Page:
Davy not only looks at his friend Jake’s behavior, but at his own responses to Jake. The result is greater richness and depth. Here’s an excerpt:
his, a tale of how
his work colleague,
don’t understand him.
mine, a crafted questionnaire
designed for glibness,
adding to the
Poets ought to be experimental, in my opinion, willing to take a risk, and never expecting themselves to produce one masterpiece after the next. That makes it all the more rewarding when one composes an excellent capture, as Davy appears to have done here. An Hour With Jake.
In my experience, there are at least four kinds of love. More, if you subdivide the four. But one thing they all have in common is that they are affirmations of something.
Sometimes they affirm something as narrow as sex, and sometimes something as broad as life itself. But each way of loving is a way of affirming, and each way of affirming has the potential to — to one extent or another — renew us. I would suggest, if you are weary, seeking some kind of rebirth, great or small, then find something or someone to love.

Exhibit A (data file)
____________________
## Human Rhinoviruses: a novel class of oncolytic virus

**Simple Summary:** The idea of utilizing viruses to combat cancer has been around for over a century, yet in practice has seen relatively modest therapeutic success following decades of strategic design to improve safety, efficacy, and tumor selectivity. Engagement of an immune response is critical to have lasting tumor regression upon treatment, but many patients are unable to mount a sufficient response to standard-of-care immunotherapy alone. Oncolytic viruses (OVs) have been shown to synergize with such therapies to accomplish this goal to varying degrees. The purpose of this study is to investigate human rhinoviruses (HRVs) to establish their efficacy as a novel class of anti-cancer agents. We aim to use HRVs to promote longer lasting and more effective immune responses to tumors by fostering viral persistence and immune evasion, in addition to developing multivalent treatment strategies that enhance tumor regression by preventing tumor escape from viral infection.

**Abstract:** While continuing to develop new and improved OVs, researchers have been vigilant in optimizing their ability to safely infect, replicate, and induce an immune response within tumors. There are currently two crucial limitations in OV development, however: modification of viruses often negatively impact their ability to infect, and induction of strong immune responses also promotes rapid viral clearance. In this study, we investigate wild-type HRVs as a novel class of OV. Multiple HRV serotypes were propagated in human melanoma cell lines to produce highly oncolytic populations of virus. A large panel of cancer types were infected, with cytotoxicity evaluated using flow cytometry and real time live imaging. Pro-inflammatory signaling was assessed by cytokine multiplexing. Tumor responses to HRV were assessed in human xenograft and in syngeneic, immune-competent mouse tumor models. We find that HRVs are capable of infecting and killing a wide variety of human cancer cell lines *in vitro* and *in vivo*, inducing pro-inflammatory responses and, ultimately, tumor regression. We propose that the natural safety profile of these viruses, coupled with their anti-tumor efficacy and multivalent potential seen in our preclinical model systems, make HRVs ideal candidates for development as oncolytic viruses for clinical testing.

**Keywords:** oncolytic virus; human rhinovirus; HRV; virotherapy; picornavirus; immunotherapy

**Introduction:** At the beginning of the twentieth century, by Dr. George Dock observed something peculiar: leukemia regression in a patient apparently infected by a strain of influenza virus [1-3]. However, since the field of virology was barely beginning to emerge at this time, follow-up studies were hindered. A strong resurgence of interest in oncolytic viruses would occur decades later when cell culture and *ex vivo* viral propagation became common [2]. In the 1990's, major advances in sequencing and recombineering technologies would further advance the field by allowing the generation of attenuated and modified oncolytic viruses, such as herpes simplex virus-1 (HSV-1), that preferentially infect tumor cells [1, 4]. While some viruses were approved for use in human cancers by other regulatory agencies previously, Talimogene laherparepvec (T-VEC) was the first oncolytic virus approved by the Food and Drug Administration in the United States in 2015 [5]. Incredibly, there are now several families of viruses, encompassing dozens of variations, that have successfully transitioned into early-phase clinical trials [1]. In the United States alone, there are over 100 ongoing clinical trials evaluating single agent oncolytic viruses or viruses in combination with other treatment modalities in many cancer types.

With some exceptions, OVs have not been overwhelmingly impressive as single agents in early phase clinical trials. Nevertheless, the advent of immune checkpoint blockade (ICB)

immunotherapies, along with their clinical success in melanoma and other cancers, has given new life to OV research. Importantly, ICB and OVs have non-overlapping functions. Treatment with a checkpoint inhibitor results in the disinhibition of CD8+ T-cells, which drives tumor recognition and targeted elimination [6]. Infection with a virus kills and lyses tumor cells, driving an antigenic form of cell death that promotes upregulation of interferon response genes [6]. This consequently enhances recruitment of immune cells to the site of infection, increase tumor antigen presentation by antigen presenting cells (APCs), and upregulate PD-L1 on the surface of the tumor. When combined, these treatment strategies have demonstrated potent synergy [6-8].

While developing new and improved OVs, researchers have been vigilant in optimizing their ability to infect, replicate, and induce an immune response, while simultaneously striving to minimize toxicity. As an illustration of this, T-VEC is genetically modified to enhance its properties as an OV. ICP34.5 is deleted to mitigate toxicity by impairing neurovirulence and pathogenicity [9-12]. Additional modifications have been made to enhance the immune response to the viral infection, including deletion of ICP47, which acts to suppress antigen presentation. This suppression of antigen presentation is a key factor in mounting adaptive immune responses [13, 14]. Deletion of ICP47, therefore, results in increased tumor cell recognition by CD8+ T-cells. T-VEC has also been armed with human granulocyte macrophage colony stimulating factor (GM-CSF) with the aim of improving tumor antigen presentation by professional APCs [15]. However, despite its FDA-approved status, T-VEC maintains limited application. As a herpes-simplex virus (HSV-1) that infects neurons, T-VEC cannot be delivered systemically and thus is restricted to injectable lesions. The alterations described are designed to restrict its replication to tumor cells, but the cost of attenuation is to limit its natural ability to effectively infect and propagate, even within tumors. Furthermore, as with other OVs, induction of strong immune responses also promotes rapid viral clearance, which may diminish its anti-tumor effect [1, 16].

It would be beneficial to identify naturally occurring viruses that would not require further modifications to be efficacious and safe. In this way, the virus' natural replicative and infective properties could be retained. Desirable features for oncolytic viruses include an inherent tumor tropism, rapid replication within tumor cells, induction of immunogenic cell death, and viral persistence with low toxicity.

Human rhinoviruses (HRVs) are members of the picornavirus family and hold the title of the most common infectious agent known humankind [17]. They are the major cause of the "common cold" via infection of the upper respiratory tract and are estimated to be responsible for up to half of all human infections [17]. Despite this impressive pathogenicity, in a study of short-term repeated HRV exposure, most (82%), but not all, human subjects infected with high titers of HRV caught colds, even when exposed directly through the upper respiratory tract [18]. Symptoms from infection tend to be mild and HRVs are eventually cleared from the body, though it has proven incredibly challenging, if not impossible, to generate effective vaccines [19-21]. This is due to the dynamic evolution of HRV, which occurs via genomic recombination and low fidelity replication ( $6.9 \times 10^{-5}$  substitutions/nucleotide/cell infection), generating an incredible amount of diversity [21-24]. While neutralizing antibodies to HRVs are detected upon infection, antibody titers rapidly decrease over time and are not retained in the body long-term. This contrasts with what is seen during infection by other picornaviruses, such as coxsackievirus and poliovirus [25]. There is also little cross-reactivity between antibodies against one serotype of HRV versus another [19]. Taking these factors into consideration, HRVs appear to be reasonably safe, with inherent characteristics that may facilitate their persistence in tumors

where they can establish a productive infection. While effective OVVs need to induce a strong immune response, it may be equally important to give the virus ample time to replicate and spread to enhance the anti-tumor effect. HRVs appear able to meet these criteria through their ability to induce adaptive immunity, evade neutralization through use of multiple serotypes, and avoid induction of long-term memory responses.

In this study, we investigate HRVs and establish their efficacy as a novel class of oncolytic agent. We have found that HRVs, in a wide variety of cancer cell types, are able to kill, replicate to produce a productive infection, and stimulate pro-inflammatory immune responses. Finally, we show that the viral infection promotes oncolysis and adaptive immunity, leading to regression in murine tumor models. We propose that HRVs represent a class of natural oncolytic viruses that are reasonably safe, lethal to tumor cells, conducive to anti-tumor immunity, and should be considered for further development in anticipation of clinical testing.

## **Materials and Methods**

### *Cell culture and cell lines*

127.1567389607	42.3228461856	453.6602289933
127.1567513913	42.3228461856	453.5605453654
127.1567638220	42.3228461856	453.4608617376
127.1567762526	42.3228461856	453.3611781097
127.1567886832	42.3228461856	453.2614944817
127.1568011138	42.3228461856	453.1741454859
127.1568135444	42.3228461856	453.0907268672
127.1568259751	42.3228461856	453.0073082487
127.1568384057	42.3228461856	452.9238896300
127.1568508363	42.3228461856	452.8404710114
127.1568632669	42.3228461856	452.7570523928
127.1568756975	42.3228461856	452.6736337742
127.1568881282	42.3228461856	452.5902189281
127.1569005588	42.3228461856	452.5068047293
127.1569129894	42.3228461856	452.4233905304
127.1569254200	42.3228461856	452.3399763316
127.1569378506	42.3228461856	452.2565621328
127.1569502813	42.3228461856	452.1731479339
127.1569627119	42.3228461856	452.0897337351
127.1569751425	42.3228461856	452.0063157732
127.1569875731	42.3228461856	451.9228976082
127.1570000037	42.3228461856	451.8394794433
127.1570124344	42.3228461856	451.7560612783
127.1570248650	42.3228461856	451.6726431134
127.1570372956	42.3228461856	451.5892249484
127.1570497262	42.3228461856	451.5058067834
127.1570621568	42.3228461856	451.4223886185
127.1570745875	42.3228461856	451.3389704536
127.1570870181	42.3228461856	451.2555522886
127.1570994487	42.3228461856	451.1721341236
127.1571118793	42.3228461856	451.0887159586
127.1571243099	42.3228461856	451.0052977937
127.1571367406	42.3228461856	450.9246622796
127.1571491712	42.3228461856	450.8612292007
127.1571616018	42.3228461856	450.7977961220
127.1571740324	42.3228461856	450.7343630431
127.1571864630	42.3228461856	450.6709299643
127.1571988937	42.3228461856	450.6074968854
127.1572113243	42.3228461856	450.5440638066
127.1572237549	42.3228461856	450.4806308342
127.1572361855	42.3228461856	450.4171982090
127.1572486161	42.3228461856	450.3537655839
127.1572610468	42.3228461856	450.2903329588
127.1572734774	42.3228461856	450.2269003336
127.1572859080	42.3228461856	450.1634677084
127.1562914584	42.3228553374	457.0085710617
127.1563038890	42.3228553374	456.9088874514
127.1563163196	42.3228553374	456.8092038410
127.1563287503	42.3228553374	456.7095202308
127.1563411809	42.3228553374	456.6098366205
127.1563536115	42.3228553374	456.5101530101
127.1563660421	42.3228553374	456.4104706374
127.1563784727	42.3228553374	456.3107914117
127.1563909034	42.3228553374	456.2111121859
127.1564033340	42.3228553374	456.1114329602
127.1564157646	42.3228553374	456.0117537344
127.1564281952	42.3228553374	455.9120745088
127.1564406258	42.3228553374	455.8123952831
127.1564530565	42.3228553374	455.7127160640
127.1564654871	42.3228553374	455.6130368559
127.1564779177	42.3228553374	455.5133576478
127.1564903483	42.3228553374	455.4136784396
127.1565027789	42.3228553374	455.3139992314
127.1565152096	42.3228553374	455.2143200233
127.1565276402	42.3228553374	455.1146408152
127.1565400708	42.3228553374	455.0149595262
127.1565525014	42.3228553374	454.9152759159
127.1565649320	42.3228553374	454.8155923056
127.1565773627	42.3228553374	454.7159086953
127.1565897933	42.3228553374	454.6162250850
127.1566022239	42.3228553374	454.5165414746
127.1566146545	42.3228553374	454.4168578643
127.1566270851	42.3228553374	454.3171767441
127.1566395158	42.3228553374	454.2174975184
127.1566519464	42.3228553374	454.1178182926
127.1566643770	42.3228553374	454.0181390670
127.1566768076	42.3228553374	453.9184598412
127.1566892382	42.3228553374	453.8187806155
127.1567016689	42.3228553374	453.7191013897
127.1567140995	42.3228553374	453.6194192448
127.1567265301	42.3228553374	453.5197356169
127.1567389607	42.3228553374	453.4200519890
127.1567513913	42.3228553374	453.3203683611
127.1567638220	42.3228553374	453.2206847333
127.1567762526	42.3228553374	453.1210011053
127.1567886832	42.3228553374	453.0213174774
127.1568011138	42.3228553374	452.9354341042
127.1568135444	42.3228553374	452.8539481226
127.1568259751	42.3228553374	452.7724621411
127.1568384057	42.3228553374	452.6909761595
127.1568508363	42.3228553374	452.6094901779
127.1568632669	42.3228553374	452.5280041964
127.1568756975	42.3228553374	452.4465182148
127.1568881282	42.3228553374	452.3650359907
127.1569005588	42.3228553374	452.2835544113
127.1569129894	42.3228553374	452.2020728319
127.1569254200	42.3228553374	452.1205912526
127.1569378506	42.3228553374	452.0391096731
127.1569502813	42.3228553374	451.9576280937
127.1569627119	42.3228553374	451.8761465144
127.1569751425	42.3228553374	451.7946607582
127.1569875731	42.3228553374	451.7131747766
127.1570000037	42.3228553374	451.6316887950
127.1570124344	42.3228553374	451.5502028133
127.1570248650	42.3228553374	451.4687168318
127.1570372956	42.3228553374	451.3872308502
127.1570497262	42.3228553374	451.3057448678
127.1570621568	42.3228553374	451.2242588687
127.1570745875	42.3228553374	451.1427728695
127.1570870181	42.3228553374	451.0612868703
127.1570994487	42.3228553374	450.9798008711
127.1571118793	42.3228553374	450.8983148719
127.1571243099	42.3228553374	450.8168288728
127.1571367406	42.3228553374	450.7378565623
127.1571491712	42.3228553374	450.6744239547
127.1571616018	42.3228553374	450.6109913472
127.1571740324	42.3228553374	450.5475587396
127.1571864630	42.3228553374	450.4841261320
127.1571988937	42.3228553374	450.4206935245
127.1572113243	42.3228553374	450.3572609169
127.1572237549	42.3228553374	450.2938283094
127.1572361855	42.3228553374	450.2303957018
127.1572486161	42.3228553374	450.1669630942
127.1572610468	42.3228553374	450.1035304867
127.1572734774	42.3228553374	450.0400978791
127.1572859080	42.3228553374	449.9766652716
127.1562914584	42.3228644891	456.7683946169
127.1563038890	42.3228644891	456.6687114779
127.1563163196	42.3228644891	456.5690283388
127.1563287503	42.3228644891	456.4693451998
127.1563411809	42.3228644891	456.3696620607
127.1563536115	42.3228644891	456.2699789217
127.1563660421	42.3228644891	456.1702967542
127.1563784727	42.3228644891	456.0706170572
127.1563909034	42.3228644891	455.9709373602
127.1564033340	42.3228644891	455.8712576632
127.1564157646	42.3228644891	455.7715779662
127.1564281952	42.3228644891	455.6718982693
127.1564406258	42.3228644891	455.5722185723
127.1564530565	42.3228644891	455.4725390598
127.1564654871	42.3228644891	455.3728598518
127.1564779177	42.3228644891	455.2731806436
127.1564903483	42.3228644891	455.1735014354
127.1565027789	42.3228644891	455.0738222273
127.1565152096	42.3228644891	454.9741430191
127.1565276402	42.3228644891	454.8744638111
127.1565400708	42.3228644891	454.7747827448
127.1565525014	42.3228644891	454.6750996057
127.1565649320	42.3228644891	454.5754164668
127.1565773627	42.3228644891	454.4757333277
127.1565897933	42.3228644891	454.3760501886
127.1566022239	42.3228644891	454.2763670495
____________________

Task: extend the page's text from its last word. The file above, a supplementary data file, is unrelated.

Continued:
Do all forms of abuse have any one thing in common? I think if they do, it may very well be this: They are all behaviors that risk unnecessarily alienating us from ourselves. That is, they tend to derail us from being true to ourselves, from being authentic.
The most often way I write a poem is to sound it out loud, again and again again, as I go through the process of composing it. I think a lot of poets must do that. It has its advantages too.
When you’re stuck, blocked, and can’t think of how to get the creativity going again, it sometimes is sufficient to simply start sounding words and phrases in new voices. That is, pick a persona — perhaps the way a friend talks — then sound out whatever words come to mind in her tone and rhythm of voice.
I once met a woman who was traveling the country. For reasons I’ll never know, I imagined she was some kind of hero wandering ancient lands who’d brought tales from afar to my pathetically small village of thatched huts. She had a way of speaking, that woman, and I tried to capture her voice in a poem.
Who Comes by Far
The horizon from the highest hill is the useless
Edge Of The World when you don’t travel.
You meet people who come by far,
So they must be heroes; so I believe you’re a Rider
Passing to the Sun’s Door…though you tell me,
You once knew so cold a land the clouds froze
And fell from the sky, and the People
Wore heavy skins.
Still, I look at your hands
Warm and dark with the candle,
And can barely imagine
What I’d think their color by Dragon’s Fire,
Leave alone the morning sun.
Then you turn in our shadows as if to say,
You’ve begun your liking of me,
So tonight you’ll stay.